23 May 2009

Winners and Losers in the Waxman-Markey Stealth Tax

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I was the lead author in this IER blog post. The main thing in this one was to explain (to a first approximation) why handing free allowances to emitters will not lower energy prices, but instead represents a simple transfer of wealth from the general public to the emitters. Here’s the meat of it:

It’s difficult for some non-economists to understand why handing back allowances to producers wouldn’t significantly alter energy price increases, but the point is crucial so we’ll walk through it: Suppose the government auctioned off 100 percent of the carbon allowances, and the resulting market price for a ton of emissions was (say) $25. If the government spent all of the auction receipts to pay for universal health care, leaving the burden of the cap and trade system to fall entirely on the energy sector, it is clear that prices for consumers would rise. Ultimately, it wouldn’t be the utilities, but rather their customers, who would foot the bill. Because of the cap on emissions, the costs of producing energy rise, and so the price of electricity for consumers rises as well.

Now suppose instead of spending all of the auction revenues on health care, the government chose to give, say, $10 million to every major electricity producer. Would that push down electricity prices? In general the answer is probably “no.” In order to push down prices, more electricity would need to be produced (because consumers would try to buy more after the price cut). But that means firms would have to use some of their $10 million handout to enter the carbon allowance market and buy the rights to emit more CO2, or to invest in a larger capacity for carbon-free generation, in order to ramp up their operations and sell more electricity (at a lower unit price).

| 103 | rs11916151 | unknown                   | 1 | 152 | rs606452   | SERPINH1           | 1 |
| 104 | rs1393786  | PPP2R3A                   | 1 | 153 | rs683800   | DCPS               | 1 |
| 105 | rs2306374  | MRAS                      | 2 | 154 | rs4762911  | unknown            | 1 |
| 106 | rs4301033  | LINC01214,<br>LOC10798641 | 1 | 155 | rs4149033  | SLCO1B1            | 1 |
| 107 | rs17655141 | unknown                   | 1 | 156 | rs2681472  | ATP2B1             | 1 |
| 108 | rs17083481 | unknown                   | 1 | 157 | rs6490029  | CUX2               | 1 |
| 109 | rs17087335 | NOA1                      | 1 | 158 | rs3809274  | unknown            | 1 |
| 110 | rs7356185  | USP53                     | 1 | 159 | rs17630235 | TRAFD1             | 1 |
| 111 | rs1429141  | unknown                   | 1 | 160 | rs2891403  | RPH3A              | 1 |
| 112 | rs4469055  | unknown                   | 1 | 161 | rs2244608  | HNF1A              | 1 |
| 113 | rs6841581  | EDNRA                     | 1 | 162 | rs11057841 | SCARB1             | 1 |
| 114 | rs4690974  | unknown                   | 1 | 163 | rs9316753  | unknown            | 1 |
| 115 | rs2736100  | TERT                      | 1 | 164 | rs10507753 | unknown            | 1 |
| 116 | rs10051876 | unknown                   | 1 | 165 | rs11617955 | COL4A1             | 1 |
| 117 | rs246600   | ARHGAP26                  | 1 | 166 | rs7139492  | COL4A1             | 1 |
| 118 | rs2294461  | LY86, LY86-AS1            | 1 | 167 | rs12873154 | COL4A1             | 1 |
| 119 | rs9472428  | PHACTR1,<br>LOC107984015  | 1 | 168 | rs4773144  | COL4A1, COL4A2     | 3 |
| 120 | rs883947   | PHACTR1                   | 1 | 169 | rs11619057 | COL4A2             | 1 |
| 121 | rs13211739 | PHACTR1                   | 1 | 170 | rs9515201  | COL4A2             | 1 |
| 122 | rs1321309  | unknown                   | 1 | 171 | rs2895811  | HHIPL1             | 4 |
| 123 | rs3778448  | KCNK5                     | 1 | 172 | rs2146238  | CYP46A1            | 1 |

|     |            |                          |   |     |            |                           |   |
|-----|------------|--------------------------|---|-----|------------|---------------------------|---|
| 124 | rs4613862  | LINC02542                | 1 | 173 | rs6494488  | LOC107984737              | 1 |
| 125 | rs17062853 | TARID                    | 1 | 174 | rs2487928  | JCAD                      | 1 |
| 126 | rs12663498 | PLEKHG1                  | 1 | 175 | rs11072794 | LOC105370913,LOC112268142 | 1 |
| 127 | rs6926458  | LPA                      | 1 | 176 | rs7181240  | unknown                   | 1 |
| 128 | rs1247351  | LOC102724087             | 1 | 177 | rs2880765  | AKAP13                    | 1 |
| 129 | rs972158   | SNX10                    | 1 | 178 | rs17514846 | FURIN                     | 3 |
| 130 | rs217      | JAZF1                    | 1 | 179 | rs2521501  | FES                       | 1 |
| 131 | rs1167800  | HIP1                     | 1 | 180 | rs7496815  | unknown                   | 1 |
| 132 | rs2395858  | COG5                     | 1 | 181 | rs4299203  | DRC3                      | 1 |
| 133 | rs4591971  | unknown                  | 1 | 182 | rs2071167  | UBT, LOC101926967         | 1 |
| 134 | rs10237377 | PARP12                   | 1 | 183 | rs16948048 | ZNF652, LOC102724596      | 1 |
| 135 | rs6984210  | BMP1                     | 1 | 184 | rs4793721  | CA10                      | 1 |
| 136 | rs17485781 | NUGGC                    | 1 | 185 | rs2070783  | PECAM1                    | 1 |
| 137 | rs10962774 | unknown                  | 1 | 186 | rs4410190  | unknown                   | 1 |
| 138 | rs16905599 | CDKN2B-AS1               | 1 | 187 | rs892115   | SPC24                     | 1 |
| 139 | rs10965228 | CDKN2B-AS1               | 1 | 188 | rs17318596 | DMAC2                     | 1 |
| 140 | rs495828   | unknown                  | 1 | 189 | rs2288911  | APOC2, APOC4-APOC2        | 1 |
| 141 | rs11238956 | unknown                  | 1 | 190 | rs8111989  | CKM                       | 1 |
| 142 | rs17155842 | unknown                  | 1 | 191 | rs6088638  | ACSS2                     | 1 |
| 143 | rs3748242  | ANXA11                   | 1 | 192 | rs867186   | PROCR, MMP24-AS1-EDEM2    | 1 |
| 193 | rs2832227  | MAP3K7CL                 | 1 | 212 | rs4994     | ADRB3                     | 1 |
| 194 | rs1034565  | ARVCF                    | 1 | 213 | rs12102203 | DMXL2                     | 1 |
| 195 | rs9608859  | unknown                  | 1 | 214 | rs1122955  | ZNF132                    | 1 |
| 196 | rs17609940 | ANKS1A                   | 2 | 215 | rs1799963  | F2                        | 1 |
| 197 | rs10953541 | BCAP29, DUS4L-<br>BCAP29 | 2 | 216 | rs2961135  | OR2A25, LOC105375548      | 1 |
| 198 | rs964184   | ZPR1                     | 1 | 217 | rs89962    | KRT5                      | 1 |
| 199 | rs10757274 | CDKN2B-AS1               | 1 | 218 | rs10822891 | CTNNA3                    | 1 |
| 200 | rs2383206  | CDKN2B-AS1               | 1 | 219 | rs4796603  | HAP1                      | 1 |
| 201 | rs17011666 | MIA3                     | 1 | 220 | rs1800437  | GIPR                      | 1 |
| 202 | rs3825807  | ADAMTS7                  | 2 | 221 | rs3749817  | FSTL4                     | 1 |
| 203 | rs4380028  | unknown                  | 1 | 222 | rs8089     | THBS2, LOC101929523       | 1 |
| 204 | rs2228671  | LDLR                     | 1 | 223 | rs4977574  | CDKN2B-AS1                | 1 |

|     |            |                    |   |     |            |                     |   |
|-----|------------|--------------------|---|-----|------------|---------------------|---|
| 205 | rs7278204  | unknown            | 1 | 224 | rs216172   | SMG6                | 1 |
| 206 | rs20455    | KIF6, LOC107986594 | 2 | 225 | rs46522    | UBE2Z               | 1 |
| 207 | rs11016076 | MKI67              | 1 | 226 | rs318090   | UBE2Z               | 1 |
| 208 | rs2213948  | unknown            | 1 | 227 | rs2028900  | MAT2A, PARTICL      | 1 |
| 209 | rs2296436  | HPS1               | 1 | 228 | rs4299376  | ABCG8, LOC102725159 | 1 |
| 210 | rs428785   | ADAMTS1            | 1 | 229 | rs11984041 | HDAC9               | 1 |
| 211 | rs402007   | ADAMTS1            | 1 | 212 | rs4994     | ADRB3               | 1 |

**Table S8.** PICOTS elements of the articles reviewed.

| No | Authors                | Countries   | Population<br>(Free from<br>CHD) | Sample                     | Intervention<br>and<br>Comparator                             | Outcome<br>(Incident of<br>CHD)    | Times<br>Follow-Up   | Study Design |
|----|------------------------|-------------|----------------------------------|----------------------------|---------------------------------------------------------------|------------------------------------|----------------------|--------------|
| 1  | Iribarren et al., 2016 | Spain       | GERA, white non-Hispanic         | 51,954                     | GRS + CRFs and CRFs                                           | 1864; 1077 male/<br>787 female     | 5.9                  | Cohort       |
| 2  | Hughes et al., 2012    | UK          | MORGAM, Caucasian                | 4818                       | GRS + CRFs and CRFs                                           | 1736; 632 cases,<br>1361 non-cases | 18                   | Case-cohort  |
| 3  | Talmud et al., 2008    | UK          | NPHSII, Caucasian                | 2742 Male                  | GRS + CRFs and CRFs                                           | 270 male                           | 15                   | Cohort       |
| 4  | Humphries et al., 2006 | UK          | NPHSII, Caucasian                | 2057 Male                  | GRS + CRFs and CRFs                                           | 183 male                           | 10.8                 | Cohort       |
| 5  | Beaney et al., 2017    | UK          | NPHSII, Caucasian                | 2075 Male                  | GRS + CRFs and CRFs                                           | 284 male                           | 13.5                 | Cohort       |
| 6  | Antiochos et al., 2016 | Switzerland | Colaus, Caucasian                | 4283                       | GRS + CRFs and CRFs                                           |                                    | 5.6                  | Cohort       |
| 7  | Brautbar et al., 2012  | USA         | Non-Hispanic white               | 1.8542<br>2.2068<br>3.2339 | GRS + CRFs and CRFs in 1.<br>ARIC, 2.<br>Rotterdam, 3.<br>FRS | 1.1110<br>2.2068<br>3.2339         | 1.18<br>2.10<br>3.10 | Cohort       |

But why would firms use their $10 million handouts in this way? If it made sense to buy more carbon permits (at the going price of $25 each), or to invest in a larger carbon-free capacity, the producers could have relied on private sources of capital to make these changes. But the firms chose not to, because on the margin the $25 price for each ton of carbon emissions made it sensible to scale back their operations. This logic doesn’t change just because the government writes them a check for $10 million (unless the subsidy is somehow tied to market share).

Even though it is counterintuitive, the important point is that even if the allowances are handed out for free to utilities, they still see their costs of production go up because of cap and trade. A coal-fired power plant still “loses” $25 per ton of emissions, because it could choose to scale back operations and sell its allowances into the market at $25 each. The logic is inescapable: the consumers will ultimately pay for cap and trade through higher energy (and other) prices. By giving some of the potential auction revenues to individual firms in the form of free allowances, the government doesn’t thereby prevent price hikes, all it does is lay subsidies to these beneficiaries on top of the other effects of Waxman-Markey.

If you want to divorce yourself from the carbon context, just imagine that you run a grocery store that’s been losing money for years. No matter how you advertise or try to cut costs, you check the books and realize that you lose money with every item you sell. So you decide to go out of business and stop the bleeding.

Ah, but that very same day you get notified that your rich uncle died, and left you $100,000. Does that mean you now decide to keep the store open?

Of course not, the logic of your decision is still the same. On the margin, you are poorer by staying in business. Obviously the new information makes you richer–$100,000 richer to be precise–but becoming richer doesn’t make you more willing to sell grocery items at a loss.

So it’s similar with handing out free allowances to emitters. Unless there are strings attached–e.g. if the number of allowances is based on last year’s market share of the electricity market or something like that–then generally speaking handing the allowances to producers will just mean a transfer of wealth to them.

Some producers, such as owners of coal-fired power plants, might still be worse off than under the status quo, but the point is that very few of these free allowances are devoted to protecting the general public. This just shows how naive those people were–and I truly am not implicating any of the readers of the this blog–who agitated for either a cap and trade or a carbon tax with dollar-for-dollar cuts in other taxes.

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